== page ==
Snapshot of a synaptic complex formed during DNA double-strand break repair


The mechanisms by which DNA damage occurs and how this damage is repaired is fundamentally important in the field of cancer biology and has wide implications in many other fields.

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DNA double-strand breaks (DSBs) are a potentially lethal form of cellular damage as failure to repair such breaks can lead to genome instability, a potent inducer of cancer development. In human cells, the non homologous end-joining (NHEJ) pathway is critical for the repair of DSBs. A functionally homologous, but much simpler, repair system also exists in bacterial cells. A UK-based team led by Dr Aidan Doherty at the University of Sussex in Brighton, in collaboration with groups in Spain and at the ESRF, have targeted the key proteins involved in this repair process in Mycobacterium tuberculosis to gain an understanding of how this fundamental process works. Their findings, published in the journal Science [1] describe novel biochemical and structural studies that provide insights at the molecular level into the mechanism of DNA double-strand break repair in prokaryotes.

In eukaryotic cells, DSB repair processes are orchestrated by the NHEJ complex, a DNA repair apparatus composed of many cellular proteins. In comparison, the picture is much less complex in bacterial cells because the NHEJ complex comprises only two proteins, one of which is a multi-functional repair ligase (DNA ligase D) that can process fragmented ends and synthesise a new DNA linkage. Much work has been carried out on the activities and structure of these bacterial repair ligases, however, a molecular understanding of how bacteria mechanistically orchestrate DSB repair using just two proteins remains to be established. In particular, still unknown is how the broken ends of the DNA are brought together, processed and “stitched” back together.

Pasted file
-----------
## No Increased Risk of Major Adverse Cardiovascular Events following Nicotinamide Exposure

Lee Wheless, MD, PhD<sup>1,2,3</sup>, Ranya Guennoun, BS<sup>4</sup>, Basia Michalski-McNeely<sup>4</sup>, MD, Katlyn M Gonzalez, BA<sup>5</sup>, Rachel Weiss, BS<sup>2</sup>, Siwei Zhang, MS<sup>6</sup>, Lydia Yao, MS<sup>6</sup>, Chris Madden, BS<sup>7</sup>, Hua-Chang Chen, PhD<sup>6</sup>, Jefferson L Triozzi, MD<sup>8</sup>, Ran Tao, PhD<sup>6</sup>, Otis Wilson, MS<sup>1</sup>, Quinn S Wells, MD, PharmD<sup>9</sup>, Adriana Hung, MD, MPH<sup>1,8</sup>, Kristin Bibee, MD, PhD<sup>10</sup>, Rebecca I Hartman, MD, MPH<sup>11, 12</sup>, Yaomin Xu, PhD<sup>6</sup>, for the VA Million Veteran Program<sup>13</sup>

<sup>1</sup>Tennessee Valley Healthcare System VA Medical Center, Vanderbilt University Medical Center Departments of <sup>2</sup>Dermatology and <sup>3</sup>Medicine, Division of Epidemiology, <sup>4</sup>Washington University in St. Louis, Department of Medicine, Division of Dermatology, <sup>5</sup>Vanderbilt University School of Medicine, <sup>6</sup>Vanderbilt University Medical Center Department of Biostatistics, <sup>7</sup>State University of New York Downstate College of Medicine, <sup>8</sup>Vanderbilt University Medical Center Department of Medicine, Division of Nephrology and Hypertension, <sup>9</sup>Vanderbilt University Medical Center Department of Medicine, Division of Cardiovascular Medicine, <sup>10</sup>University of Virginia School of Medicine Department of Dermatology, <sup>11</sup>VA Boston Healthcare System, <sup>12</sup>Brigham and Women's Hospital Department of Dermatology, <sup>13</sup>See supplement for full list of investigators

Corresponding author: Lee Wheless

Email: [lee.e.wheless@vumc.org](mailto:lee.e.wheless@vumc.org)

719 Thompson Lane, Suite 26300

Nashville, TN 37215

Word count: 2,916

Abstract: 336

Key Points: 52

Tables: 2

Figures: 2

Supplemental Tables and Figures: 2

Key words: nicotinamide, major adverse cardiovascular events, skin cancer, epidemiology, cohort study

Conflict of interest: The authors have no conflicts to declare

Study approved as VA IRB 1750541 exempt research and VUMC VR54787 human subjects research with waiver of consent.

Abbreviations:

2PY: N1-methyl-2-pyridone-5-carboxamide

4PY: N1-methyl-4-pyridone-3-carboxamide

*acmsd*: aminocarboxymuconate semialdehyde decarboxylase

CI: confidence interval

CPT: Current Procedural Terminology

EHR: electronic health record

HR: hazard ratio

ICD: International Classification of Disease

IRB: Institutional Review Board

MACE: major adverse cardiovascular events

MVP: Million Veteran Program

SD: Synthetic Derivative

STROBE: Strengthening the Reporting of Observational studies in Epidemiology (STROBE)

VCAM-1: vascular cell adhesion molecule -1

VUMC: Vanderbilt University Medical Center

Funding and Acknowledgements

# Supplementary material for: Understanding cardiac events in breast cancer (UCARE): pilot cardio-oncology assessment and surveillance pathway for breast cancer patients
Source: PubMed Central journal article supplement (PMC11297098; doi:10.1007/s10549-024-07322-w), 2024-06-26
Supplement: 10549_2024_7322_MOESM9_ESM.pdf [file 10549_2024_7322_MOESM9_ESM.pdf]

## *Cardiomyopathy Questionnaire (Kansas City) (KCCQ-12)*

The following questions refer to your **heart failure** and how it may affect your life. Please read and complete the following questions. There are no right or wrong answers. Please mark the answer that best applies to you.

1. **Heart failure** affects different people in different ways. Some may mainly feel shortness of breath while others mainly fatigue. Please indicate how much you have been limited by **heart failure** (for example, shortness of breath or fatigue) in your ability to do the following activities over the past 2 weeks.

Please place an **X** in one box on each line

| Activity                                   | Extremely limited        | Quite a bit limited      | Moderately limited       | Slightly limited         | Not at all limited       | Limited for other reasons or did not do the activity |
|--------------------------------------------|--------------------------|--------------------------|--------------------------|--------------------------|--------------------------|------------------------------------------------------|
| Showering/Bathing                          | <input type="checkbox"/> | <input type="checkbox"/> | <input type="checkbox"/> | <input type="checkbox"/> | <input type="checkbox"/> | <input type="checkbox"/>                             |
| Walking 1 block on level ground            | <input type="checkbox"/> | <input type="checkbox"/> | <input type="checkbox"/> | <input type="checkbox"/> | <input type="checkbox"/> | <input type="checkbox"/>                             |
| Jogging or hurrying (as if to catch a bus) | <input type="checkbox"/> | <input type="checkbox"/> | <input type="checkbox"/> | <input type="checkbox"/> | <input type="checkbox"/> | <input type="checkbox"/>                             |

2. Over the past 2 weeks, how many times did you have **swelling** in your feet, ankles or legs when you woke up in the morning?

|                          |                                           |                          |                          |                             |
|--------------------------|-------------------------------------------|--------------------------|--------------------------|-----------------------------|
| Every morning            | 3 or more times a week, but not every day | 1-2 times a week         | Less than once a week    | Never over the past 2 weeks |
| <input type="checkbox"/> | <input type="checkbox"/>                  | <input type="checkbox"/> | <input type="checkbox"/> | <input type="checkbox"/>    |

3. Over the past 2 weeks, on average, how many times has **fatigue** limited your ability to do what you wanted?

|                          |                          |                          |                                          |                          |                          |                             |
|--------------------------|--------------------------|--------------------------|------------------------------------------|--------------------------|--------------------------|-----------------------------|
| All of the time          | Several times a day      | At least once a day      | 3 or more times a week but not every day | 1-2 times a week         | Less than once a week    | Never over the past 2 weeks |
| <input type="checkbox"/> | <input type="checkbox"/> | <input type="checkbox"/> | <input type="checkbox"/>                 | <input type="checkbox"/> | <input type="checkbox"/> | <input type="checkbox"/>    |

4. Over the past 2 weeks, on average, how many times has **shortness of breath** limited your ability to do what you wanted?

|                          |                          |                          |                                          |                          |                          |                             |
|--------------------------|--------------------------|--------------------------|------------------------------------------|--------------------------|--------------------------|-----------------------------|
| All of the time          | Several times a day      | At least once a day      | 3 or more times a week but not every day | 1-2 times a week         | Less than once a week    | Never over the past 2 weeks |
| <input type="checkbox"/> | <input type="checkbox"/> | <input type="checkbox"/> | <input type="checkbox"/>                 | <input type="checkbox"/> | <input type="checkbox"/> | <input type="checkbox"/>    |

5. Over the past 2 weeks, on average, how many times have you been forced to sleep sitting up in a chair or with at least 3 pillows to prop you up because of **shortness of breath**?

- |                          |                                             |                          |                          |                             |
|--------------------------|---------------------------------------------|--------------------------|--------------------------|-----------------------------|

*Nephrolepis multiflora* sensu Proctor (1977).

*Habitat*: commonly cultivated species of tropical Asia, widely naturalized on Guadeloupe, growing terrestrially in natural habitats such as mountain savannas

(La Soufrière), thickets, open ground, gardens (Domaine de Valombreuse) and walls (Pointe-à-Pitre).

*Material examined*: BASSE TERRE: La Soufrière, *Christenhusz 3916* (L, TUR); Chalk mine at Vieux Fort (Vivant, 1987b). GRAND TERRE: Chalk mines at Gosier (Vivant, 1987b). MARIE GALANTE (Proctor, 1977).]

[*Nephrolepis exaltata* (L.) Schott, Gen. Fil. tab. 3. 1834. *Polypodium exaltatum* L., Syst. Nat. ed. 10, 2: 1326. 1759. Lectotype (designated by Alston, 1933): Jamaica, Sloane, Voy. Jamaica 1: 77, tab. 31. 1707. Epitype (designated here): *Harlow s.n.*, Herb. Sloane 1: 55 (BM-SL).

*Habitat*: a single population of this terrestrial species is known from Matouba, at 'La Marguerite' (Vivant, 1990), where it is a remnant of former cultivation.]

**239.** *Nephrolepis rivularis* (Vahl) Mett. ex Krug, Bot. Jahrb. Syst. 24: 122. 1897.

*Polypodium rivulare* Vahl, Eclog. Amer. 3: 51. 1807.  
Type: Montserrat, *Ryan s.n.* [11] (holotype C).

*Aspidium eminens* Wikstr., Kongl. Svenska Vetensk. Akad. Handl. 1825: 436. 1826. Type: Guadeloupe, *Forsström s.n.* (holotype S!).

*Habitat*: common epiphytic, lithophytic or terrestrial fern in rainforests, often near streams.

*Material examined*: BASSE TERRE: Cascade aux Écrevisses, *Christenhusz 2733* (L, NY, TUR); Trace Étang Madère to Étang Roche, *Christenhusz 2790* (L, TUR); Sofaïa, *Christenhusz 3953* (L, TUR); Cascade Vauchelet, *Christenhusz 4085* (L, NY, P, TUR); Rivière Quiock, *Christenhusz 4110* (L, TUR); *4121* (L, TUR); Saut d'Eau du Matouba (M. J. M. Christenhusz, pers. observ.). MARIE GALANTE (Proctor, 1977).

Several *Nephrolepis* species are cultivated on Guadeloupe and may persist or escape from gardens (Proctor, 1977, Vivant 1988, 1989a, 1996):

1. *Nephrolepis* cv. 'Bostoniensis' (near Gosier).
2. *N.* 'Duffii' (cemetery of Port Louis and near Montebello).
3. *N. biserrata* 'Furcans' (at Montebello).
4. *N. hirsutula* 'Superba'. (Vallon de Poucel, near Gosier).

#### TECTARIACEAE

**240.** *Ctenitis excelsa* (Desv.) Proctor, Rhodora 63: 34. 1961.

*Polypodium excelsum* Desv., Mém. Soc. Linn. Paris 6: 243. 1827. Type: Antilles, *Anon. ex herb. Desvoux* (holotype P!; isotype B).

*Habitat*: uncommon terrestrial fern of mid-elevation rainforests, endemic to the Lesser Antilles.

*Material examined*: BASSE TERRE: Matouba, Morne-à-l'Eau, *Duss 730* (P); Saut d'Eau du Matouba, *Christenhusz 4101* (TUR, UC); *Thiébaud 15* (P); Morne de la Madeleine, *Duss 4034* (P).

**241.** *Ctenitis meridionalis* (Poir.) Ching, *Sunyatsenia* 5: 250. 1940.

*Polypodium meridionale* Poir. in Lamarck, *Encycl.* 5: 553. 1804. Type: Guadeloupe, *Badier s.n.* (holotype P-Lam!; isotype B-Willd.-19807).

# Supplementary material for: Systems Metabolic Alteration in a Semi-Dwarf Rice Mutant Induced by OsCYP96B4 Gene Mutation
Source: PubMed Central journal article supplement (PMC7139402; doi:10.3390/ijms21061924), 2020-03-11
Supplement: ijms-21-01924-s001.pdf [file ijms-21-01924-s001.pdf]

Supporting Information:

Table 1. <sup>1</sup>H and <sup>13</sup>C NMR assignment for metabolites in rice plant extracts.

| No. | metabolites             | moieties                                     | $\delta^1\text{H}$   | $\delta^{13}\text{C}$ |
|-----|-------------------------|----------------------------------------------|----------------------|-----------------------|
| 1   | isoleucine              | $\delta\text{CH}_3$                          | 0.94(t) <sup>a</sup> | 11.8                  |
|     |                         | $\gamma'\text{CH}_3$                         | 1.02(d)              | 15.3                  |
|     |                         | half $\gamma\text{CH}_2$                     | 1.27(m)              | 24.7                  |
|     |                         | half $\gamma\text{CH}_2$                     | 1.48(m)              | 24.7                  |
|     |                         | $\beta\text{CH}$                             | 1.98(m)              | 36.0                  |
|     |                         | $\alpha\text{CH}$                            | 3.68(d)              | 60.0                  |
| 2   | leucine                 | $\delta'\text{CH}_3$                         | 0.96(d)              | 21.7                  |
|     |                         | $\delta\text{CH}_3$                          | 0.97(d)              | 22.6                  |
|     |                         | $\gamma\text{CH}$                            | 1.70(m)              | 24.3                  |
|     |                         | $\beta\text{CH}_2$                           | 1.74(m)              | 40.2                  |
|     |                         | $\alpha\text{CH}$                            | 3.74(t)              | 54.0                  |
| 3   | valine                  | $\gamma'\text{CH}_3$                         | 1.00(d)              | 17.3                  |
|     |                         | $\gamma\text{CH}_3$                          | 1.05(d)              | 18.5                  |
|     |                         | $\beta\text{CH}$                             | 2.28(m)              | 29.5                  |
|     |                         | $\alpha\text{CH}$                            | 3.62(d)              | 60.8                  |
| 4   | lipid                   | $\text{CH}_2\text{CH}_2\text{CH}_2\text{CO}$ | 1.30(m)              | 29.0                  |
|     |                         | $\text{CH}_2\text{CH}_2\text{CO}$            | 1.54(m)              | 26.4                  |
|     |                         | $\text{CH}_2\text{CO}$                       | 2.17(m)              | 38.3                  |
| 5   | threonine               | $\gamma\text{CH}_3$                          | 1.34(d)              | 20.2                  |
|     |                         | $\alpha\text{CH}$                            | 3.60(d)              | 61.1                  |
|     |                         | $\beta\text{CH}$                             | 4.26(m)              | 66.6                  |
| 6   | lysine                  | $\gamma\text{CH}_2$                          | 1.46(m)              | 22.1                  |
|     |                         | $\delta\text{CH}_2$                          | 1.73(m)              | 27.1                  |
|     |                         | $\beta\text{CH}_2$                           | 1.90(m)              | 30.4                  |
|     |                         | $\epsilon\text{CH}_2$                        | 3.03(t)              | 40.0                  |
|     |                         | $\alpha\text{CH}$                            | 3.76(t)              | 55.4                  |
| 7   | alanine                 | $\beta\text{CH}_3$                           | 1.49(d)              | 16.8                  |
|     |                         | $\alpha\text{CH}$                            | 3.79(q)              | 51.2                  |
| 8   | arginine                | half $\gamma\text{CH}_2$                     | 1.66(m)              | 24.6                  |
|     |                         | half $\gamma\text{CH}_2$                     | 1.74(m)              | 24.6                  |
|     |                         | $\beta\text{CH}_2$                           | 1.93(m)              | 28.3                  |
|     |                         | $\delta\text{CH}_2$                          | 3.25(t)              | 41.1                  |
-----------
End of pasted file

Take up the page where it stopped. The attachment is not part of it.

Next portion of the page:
The Sussex-based team combined biochemical, biophysical and structural techniques to unravel the role played by the polymerase domain of LigD (PolDom) in mediating synapsis formation. An initial crystal structure of the PolDom protein alone, was solved by a MAD (multiple-wavelength anomalous diffraction) experiment carried out on the CRG beamline BM16 at the ESRF. This structure was then used as a search model to solve the structure of a large binary crystallographic complex formed between PolDom and DNA containing a double strand break.


Crystal structure of a polymerase-mediated DNA synaptic complex.

Figure 1:  Crystal structure of a polymerase-mediated DNA synaptic complex. The figure shows the electrostatic surface potential of the PolDom monomers, emphasising the positively charged atrium (blue area) nesting the synapsed 3' DNA-ends.

The structure of this polymerase-mediated DNA repair complex shows how two molecules of PolDom can directly co-ordinate the association of the ends of DNA breaks, forming a large synaptic complex in which end-processing and ligation can subsequently occur (Figure 1). The structure provides a molecular snapshot of a key intermediate step in the break repair process, suggesting that these enzymes play a pivotal role in end-bridging. These findings will enable scientists studying DNA break repair to draw parallels and consider the possible implications in closely related eukaryotic systems, where the mechanisms that govern the co-ordination of NHEJ processes are poorly understood.


Principle publication and authors
N.C. Brissett (a), R.S. Pitcher (a), R. Juarez (b), A.J. Picher (b), A.J. Green (a), T.R. Dafforn (c), G.C. Fox (d), L. Blanco (b), A.J. Doherty (a), Structure of a NHEJ polymerase-mediated DNA synaptic complex. Science 318, 456 (2007).
(a) Genome Damage and Stability Centre, University of Sussex, Brighton (UK)
(b) Centro de Biología Molecular Severo Ochoa, CSIC-UAM, Madrid (Spain)
(c) Department of Biosciences, University of Birmingham (UK)
(d) BM16, ESRF